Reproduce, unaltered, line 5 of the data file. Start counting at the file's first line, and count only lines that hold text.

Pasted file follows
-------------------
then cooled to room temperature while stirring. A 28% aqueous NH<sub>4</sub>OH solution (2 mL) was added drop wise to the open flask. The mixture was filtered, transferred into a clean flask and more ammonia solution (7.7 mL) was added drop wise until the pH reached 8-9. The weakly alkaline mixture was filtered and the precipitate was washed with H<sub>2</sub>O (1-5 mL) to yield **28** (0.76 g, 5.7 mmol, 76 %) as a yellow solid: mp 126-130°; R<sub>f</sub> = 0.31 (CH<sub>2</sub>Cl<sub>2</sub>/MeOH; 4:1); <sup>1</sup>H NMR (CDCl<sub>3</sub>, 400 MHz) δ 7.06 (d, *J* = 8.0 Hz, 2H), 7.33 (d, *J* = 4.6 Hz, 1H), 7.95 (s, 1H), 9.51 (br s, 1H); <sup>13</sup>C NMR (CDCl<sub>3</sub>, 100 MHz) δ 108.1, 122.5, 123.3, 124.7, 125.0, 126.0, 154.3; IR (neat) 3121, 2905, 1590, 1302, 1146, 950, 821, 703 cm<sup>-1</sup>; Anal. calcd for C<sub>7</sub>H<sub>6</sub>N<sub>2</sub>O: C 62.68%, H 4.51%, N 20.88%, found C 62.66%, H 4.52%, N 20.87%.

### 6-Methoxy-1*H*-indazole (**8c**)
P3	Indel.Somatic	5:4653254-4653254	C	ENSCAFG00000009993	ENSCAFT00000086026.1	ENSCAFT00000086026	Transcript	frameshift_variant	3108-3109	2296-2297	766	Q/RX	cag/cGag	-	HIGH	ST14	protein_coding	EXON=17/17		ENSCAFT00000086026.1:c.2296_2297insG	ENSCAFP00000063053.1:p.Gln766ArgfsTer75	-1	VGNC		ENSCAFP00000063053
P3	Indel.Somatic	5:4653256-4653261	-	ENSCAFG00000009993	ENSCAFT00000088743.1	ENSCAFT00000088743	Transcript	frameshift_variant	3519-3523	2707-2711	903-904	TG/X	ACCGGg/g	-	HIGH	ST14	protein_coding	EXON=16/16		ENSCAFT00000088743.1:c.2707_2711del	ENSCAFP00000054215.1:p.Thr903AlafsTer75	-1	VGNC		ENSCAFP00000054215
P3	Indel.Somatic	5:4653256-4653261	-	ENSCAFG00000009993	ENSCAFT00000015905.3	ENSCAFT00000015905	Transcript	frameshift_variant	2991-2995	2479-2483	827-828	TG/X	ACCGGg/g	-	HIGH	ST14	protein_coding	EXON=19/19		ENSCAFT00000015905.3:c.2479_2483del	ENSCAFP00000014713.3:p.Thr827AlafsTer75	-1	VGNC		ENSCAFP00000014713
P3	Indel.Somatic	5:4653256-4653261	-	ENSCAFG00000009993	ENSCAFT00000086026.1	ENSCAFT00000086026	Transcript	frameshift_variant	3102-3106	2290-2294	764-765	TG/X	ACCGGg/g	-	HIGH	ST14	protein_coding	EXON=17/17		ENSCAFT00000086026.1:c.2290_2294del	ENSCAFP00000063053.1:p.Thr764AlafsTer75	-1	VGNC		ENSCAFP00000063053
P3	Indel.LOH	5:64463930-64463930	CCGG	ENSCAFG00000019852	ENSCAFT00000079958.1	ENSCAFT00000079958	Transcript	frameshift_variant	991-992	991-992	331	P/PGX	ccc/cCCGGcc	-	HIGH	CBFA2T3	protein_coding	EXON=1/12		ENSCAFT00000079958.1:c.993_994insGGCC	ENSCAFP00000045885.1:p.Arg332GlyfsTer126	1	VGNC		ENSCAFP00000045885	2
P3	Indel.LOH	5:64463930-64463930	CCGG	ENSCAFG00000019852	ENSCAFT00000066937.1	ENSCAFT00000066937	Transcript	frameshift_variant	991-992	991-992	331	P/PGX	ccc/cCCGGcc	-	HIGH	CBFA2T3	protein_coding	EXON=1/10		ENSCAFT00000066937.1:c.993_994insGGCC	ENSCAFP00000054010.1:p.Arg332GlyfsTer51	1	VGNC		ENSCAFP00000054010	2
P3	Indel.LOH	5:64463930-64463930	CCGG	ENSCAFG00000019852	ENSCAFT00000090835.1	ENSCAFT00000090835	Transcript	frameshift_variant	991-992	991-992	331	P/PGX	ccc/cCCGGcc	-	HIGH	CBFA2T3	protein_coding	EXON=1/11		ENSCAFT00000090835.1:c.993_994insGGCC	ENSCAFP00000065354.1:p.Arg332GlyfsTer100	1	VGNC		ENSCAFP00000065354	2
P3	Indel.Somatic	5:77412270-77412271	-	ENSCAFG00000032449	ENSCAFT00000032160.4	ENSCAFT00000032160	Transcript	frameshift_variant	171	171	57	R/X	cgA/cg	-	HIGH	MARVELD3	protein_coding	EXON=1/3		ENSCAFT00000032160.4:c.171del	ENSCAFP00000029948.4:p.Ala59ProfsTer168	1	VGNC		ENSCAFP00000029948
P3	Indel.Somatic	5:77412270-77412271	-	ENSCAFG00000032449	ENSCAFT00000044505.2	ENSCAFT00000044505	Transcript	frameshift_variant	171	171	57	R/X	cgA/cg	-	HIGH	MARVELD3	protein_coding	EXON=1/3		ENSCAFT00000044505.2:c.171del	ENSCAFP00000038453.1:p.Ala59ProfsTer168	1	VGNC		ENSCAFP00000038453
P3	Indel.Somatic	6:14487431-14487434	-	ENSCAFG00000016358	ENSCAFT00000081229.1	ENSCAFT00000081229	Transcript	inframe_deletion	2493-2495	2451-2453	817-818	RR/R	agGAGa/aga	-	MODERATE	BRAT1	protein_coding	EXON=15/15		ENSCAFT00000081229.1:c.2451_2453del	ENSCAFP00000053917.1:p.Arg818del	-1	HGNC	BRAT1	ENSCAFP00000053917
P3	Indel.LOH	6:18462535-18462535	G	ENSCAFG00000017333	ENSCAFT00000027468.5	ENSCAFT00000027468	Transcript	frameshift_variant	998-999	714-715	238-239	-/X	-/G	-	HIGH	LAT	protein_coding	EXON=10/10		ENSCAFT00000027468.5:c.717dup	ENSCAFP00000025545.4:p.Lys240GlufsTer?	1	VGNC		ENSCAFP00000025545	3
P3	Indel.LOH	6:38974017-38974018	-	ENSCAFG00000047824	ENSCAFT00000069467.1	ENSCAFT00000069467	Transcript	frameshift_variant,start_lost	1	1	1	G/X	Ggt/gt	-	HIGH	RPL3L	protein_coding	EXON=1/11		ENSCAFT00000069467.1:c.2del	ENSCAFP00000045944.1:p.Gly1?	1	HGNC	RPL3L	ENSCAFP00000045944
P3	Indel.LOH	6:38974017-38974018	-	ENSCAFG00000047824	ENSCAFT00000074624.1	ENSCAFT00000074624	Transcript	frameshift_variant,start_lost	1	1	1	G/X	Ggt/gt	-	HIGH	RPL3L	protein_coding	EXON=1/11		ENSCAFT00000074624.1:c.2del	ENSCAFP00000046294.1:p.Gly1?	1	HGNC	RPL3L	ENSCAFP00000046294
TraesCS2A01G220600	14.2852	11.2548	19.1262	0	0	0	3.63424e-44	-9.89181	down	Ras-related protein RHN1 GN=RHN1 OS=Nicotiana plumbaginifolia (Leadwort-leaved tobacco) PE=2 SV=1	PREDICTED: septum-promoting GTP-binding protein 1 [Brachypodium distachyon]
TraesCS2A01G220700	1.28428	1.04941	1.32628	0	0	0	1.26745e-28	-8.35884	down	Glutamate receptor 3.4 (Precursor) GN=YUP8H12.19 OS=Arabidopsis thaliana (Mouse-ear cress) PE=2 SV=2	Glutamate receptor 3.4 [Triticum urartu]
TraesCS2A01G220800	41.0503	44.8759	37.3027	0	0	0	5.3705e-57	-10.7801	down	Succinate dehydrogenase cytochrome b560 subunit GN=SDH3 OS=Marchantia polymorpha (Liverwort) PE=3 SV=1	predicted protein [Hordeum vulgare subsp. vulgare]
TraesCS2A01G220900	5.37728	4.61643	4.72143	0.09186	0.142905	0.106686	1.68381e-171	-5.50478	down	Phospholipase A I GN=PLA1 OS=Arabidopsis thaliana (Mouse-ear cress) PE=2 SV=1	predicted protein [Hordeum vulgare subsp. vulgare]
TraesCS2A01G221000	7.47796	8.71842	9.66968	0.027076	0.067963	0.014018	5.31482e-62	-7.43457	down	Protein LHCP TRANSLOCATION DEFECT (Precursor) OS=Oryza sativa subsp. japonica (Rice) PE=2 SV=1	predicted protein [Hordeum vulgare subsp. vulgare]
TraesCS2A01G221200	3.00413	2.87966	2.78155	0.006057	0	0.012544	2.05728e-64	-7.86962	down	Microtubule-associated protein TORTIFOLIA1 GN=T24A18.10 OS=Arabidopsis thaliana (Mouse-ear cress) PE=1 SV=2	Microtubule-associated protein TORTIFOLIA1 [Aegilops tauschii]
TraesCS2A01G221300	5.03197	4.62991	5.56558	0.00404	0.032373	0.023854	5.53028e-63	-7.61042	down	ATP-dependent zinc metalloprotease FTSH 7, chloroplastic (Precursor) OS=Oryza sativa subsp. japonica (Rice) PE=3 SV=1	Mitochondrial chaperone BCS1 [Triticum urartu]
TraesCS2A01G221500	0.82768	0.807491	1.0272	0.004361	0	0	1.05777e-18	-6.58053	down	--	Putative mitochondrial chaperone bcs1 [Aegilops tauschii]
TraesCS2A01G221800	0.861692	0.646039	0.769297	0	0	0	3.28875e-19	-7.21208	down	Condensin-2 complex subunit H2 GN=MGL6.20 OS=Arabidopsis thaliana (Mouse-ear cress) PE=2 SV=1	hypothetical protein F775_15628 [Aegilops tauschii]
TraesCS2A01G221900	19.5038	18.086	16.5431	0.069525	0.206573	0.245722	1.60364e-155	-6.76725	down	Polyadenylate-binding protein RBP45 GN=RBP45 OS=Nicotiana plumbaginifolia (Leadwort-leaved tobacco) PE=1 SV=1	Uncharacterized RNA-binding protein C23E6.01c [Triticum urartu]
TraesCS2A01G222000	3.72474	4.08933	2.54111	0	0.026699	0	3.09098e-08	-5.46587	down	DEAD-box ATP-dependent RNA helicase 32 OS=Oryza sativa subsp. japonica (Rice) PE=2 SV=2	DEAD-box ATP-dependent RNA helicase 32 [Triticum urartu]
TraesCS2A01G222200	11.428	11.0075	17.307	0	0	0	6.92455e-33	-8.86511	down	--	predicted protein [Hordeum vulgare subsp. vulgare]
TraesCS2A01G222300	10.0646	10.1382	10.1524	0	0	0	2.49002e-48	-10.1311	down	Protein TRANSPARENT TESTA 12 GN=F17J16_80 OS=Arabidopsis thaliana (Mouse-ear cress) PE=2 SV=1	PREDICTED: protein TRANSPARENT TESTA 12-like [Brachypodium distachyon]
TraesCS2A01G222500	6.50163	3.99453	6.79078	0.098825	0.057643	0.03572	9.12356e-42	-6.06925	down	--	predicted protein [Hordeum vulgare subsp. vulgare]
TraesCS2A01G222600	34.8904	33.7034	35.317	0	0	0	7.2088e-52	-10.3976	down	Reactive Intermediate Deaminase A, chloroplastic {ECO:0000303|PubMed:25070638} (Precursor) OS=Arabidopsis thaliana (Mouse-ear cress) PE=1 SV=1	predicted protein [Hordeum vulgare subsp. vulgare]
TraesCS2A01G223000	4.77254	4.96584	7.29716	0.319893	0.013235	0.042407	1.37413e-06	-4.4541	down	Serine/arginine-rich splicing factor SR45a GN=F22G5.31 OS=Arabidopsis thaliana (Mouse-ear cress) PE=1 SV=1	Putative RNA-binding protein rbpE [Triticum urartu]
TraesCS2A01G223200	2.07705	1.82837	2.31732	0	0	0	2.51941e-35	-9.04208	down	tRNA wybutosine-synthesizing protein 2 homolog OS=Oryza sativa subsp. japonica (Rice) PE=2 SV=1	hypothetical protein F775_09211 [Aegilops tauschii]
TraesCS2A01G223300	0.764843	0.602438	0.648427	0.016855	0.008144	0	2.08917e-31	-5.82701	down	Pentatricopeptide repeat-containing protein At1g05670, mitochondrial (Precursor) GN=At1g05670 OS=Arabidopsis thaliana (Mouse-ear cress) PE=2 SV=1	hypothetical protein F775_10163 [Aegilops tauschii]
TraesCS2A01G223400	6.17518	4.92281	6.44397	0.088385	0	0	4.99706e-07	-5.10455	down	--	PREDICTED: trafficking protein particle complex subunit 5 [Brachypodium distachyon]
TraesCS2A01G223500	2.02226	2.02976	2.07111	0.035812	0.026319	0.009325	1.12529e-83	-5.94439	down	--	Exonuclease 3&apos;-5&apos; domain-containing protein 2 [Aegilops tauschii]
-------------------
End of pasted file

P3	Indel.Somatic	5:4653256-4653261	-	ENSCAFG00000009993	ENSCAFT00000015905.3	ENSCAFT00000015905	Transcript	frameshift_variant	2991-2995	2479-2483	827-828	TG/X	ACCGGg/g	-	HIGH	ST14	protein_coding	EXON=19/19		ENSCAFT00000015905.3:c.2479_2483del	ENSCAFP00000014713.3:p.Thr827AlafsTer75	-1	VGNC		ENSCAFP00000014713